Parties and Places
Bounty of different ballots mark D.C. primaries
Washingtonians have a reputation for living and breathing politics. Certainly that’s more true for some than for others. There are probably quite a few who have not even bothered to open the ”D.C. Voter Guide/Primary Election” they should’ve gotten by mail days ago.
If this is you, fear not. The drill is pretty easy. On Sept. 14, polling places around the city will open for the 2010 Primary Election. Early voting for the wise and well-organized began Aug. 30 at the Old Council Chambers. But if you’re reading this, chances are that ain’t you. Keep reading.
(Photo by Todd Franson )
What matters most in the primaries is the ward in which you reside, and party affiliation. If you have no party affiliation, you are excused – until November’s general election.
Considering this city is a Democratic stronghold, chances are you’re a Democrat. Regardless of ward, you’ll be casting a vote for a Democratic candidate to run for delegate to the U.S. House of Representatives, for U.S. representative, mayor, council chair and one At-Large councilmember. And, again, because this is a Democratic stronghold, the winners of each of these five races stands a stellar chance of winning in the general election Nov. 2.
For Democrats living in Wards 2, 4, 7 and 8, your duty is done. For Democratic residents of Wards 1, 3, 5 and 6, you’ll also need to choose a Democratic candidate to run as your ward’s City Council candidate in November.
For Republicans, this gets much simpler. You have the same five races that all the Democrats have to consider. However, Republicans have only stepped up to run for delegate to the U.S. House of Representatives and for U.S. representative. And in those races, it’s only one apiece. Of course, you can always write in a candidate for any primary race.
As with the Dems, Grand Ol’ Partiers in Wards 2, 4, 7 and 8 can call it a day. For Ward 1 Republicans, you have one candidate vying to be your City Council candidate. Same goes for Wards 3, 5 and 6.
For D.C.’s third recognized party, the D.C. Statehood Greens, you’ll need to choose between two Greens running to be your candidate for delegate to the U.S. House of Representatives, and two for the At-Large seat on the council. For mayor, U.S. representative and council chair, it’s one each. No Greens have thrown their hats into the races for Ward 1, 3, 5 or 6 councilmember, so the Green ballots are even simpler than their GOP counterparts.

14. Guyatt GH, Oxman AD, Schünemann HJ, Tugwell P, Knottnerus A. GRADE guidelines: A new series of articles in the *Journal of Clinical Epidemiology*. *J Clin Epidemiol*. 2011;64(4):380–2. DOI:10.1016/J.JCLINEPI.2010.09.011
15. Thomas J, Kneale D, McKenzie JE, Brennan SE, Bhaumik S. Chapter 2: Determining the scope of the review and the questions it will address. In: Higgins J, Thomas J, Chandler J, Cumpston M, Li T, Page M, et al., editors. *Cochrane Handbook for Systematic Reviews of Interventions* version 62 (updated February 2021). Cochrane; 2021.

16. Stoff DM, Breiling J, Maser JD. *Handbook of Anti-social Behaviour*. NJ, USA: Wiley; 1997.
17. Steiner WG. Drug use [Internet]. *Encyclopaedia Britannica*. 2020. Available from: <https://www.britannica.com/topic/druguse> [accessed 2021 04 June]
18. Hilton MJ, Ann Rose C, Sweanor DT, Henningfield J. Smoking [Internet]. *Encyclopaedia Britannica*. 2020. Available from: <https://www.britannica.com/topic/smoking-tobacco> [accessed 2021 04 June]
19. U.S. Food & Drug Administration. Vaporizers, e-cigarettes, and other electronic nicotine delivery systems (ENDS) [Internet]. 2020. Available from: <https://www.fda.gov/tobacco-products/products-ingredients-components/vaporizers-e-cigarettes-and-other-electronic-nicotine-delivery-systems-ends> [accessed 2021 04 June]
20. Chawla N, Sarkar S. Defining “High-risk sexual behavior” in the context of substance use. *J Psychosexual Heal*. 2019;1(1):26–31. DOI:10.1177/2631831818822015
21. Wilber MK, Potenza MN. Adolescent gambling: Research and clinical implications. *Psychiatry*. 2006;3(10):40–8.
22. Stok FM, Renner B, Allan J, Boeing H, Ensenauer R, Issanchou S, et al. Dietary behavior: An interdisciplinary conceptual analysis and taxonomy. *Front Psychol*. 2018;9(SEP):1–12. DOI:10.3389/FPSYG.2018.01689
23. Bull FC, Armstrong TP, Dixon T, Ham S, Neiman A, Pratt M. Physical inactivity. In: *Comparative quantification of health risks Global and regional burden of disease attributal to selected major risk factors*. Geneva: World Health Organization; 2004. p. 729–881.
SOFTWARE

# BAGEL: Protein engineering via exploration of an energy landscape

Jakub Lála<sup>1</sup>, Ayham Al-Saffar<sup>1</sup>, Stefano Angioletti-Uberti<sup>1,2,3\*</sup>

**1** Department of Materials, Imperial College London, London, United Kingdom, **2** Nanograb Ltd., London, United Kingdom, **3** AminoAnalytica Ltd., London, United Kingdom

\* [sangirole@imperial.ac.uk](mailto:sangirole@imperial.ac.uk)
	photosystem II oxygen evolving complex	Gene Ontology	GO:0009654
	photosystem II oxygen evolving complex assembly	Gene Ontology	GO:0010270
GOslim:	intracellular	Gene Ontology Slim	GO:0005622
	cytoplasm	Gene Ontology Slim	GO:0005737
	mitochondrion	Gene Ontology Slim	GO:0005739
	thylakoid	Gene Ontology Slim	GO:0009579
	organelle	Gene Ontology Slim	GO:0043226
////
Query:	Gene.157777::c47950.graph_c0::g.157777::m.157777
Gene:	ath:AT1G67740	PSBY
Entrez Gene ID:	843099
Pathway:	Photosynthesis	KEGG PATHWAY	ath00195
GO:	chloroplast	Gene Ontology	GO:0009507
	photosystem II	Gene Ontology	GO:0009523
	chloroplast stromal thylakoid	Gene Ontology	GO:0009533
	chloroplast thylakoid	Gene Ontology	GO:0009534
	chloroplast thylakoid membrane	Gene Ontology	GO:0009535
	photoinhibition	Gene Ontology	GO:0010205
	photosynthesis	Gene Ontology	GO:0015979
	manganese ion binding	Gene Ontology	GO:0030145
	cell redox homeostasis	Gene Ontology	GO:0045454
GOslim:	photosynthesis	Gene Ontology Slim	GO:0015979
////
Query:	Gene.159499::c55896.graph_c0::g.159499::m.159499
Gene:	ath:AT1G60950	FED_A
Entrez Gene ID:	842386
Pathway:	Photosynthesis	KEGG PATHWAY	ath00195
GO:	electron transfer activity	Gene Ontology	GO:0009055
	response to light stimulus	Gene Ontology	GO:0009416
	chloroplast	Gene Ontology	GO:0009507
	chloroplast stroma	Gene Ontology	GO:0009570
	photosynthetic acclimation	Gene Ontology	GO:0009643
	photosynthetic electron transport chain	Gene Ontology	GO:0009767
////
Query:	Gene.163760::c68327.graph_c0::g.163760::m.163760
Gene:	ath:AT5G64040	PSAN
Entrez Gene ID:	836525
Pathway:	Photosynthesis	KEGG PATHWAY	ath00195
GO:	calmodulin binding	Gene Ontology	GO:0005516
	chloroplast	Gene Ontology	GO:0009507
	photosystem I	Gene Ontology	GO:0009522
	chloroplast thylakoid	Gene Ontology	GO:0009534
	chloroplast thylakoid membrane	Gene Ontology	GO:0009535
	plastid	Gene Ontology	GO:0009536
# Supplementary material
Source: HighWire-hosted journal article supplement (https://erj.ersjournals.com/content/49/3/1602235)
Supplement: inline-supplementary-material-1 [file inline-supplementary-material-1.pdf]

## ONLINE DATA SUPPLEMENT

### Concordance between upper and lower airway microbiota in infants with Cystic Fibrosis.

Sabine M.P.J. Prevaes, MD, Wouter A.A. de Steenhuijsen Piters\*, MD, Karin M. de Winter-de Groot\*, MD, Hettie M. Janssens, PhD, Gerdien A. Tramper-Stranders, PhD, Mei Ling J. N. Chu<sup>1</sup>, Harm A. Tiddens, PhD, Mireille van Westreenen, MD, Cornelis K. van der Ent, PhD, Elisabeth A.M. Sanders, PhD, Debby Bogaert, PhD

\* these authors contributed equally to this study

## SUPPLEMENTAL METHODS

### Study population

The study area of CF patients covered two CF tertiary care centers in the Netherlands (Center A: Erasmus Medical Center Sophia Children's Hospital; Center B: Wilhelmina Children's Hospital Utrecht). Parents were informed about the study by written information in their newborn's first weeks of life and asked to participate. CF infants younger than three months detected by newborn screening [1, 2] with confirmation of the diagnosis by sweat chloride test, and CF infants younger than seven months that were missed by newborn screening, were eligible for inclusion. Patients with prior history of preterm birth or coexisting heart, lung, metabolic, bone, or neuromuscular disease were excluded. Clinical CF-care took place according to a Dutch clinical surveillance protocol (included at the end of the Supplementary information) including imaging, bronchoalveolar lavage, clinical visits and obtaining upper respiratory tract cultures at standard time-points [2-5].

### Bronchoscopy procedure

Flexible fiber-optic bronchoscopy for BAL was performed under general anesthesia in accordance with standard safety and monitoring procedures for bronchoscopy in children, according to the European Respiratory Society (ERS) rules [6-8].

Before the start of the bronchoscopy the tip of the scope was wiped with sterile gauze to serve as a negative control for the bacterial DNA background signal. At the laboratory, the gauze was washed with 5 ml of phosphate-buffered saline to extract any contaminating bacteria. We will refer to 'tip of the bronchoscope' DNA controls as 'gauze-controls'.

For a complete voter guide, visit the D.C. Board of Elections and Ethics online at dcboee.org.
It’s Brown vs. Orange in the race for council chair
As D.C. Democrats – the ones who didn’t vote early, that is – head to the primary polls, one race they’ll be looking at is that of chair of the City Council. With no declared Republican candidates for the seat, a single Statehood Green candidate, Ann C. Wilcox, and no independent candidates yet listed with the D.C. Board of Elections and Ethics, the winner of the Democratic primary will almost certainly be a shoe-in for chair of City Council come the general election in November.
And although Dorothy Douglas is listed as a Democratic contender, for all intents and purposes this is a race between Democrats Kwame Brown and Vincent Orange. Brown currently holds an At-Large seat on the council. Orange risked – and lost – his Ward 5 seat on the council when he ran for mayor in 2006.
It’s that race that has understandably left some confused about Orange’s true colors. As five candidates vied for D.C.’s top spot in 2006, a race that current Mayor Adrian Fenty eventually won, Orange seemed to be falling by the wayside. Fenty and then-Council Chair Linda Cropp were the leaders in that race for the office being vacated by then-Mayor Anthony Williams. Then, a month before the Democratic primary, Orange dropped his political bomb.
”I am the only one [of the mayoral candidates] that is opposed to same-sex marriage,” Orange said, broadcast citywide on WTTG Fox 5 News, long before marriage equality was a reality in the District. ”The other four, they say they believe in God, they go to church, but they’re also for same-sex marriage…. I don’t think they’re morally fit to run this city.”